Facts about Golders Green
Golders Green History
Golders Green has been a place in the parish and manor of Hendon since around the 13th century. The earliest references to the name of the adjacent district of “Temple Fortune” is on a map. However, this name reveals a much earlier history. It is likely that the name refers to the Knights of St John, who had landed here. Fortune may be derived from a small settlement on the route from Hampstead to Hendon.
In 1895 a Jewish cemetery was established adjacent to Hoop Lane, with the first burial in 1897. Golders Green Crematorium was opened in 1902. A significant moment in Temple Fortune’s development into a suburban area occurred in 1907 when transport links were vastly improved by the opening of Golders Green Underground station.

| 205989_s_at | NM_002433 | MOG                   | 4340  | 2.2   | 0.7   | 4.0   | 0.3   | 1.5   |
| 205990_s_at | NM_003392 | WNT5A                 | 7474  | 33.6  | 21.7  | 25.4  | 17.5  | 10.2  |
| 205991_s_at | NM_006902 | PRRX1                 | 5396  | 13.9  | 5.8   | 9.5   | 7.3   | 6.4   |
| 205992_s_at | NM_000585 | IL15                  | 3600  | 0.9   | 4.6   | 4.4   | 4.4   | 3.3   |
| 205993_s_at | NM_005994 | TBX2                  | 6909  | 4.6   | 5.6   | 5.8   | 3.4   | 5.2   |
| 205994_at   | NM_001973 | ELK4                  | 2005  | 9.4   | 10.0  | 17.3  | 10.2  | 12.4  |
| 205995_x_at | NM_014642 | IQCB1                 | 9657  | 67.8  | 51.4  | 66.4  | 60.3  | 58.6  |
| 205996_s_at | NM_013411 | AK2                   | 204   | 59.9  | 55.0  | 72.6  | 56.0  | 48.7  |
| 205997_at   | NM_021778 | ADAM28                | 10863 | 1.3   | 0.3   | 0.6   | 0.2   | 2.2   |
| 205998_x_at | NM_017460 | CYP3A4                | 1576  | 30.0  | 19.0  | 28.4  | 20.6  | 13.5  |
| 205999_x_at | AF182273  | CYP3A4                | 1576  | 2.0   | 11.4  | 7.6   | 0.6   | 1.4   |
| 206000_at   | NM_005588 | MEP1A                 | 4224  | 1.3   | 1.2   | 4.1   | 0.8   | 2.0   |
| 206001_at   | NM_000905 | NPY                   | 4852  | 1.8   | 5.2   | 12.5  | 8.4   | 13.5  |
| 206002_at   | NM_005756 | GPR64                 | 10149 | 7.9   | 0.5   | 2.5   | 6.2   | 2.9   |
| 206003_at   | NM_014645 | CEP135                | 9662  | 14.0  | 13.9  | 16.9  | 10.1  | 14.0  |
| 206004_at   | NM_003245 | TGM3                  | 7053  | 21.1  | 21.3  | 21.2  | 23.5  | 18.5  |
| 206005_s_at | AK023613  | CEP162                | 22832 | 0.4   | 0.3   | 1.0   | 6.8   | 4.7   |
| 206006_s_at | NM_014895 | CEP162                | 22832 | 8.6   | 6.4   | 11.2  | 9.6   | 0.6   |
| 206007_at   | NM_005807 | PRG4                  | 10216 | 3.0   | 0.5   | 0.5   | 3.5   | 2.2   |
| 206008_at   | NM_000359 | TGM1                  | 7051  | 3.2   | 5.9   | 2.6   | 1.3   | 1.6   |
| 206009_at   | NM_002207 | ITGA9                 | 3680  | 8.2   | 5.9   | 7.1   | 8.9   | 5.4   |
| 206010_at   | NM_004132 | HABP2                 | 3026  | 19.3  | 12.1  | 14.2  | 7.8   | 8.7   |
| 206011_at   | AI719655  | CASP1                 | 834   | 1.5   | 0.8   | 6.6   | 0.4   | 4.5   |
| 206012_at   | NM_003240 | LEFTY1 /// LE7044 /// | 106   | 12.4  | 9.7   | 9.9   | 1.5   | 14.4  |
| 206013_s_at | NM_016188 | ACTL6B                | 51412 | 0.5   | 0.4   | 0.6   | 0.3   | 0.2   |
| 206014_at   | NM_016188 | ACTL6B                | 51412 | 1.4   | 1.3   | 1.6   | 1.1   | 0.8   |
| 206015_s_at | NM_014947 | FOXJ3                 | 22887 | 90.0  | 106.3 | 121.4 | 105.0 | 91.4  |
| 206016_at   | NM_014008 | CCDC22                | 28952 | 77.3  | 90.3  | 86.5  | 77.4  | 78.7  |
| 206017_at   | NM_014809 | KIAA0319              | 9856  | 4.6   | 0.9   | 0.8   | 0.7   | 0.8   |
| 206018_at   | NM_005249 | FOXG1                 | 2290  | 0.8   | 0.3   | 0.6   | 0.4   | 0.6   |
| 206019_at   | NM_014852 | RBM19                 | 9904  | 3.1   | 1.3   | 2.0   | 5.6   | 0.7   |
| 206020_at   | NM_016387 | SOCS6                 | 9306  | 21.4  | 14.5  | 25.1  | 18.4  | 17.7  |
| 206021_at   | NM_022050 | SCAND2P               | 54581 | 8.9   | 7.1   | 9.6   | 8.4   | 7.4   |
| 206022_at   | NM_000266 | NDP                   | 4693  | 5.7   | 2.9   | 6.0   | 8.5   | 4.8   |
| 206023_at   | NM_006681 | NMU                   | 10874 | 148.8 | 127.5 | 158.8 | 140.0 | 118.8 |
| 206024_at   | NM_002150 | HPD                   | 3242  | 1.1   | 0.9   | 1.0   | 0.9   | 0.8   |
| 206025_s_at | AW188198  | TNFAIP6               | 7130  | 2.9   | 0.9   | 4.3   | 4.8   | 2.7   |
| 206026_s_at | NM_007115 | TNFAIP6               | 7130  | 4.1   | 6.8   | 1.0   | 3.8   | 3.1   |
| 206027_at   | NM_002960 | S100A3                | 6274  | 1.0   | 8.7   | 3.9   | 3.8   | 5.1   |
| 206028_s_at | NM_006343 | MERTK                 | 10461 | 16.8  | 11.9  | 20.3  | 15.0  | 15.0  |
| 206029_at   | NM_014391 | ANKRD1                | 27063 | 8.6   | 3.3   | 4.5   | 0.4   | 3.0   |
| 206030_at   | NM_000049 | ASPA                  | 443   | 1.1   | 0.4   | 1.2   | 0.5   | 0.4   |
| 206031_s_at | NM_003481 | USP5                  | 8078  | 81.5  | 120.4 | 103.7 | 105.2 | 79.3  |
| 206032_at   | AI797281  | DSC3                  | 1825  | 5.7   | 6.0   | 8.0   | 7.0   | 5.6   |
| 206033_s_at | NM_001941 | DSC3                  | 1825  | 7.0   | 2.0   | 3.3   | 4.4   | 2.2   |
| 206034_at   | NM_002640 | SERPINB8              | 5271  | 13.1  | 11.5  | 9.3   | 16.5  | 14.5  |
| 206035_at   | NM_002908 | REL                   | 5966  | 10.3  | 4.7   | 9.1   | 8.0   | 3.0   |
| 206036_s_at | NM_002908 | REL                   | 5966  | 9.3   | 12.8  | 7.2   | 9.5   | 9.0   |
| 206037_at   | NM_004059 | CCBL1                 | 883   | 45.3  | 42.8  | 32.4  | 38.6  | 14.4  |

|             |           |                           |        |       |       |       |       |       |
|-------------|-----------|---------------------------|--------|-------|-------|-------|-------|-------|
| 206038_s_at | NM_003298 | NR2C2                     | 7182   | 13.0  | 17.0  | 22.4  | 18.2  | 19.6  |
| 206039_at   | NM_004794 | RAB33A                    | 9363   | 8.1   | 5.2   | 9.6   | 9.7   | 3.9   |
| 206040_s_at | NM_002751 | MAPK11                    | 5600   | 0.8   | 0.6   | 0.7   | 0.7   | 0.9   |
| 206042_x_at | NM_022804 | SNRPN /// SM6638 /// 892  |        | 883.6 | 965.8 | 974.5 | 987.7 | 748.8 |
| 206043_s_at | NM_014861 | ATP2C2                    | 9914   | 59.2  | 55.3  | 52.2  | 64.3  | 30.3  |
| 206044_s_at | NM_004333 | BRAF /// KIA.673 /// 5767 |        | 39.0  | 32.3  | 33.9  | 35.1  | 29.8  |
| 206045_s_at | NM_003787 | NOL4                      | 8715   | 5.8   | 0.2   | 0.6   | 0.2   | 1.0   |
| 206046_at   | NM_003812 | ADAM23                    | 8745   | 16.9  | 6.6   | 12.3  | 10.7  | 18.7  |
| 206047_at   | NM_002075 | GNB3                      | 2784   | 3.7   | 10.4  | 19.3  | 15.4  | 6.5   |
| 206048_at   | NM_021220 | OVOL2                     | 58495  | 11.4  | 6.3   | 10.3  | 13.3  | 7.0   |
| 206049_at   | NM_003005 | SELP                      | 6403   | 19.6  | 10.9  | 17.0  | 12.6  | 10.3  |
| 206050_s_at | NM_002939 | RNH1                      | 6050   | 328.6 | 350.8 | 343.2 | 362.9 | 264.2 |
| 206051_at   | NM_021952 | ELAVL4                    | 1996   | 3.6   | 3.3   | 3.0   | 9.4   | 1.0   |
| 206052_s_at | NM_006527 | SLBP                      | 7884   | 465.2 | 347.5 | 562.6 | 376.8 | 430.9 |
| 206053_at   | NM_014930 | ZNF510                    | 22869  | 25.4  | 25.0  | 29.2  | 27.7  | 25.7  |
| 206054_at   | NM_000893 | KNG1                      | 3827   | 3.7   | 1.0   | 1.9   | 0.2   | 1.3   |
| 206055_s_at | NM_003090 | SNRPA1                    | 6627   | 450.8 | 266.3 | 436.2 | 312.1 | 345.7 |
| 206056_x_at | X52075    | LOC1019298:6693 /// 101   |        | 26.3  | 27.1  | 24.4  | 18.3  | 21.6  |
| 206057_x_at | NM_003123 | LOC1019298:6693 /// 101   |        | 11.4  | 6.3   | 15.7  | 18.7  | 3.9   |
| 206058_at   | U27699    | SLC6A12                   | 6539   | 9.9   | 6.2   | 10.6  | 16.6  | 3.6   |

Golders Green is an area in the London Borough of Barnet in England. A smaller suburban linear settlement, near a farm and public grazing area green of medieval origins, dates to the early 19th century. Its bulk forms a late 19th-century and early 20th-century suburb with a commercial crossroads. It is centered approximately 6 miles northwest of Charing Cross on the intersection of Golders Green Road and Finchley Road.
The parish was heavily superseded by Hendon Urban District in 1894 and by the Municipal Borough of Hendon in 1932, abolished in 1965. In the early 20th century it grew rapidly in response to the opening of a tube station of the London Underground, adjacent to the Golders Green Hippodrome which was home to the BBC Concert Orchestra for many years.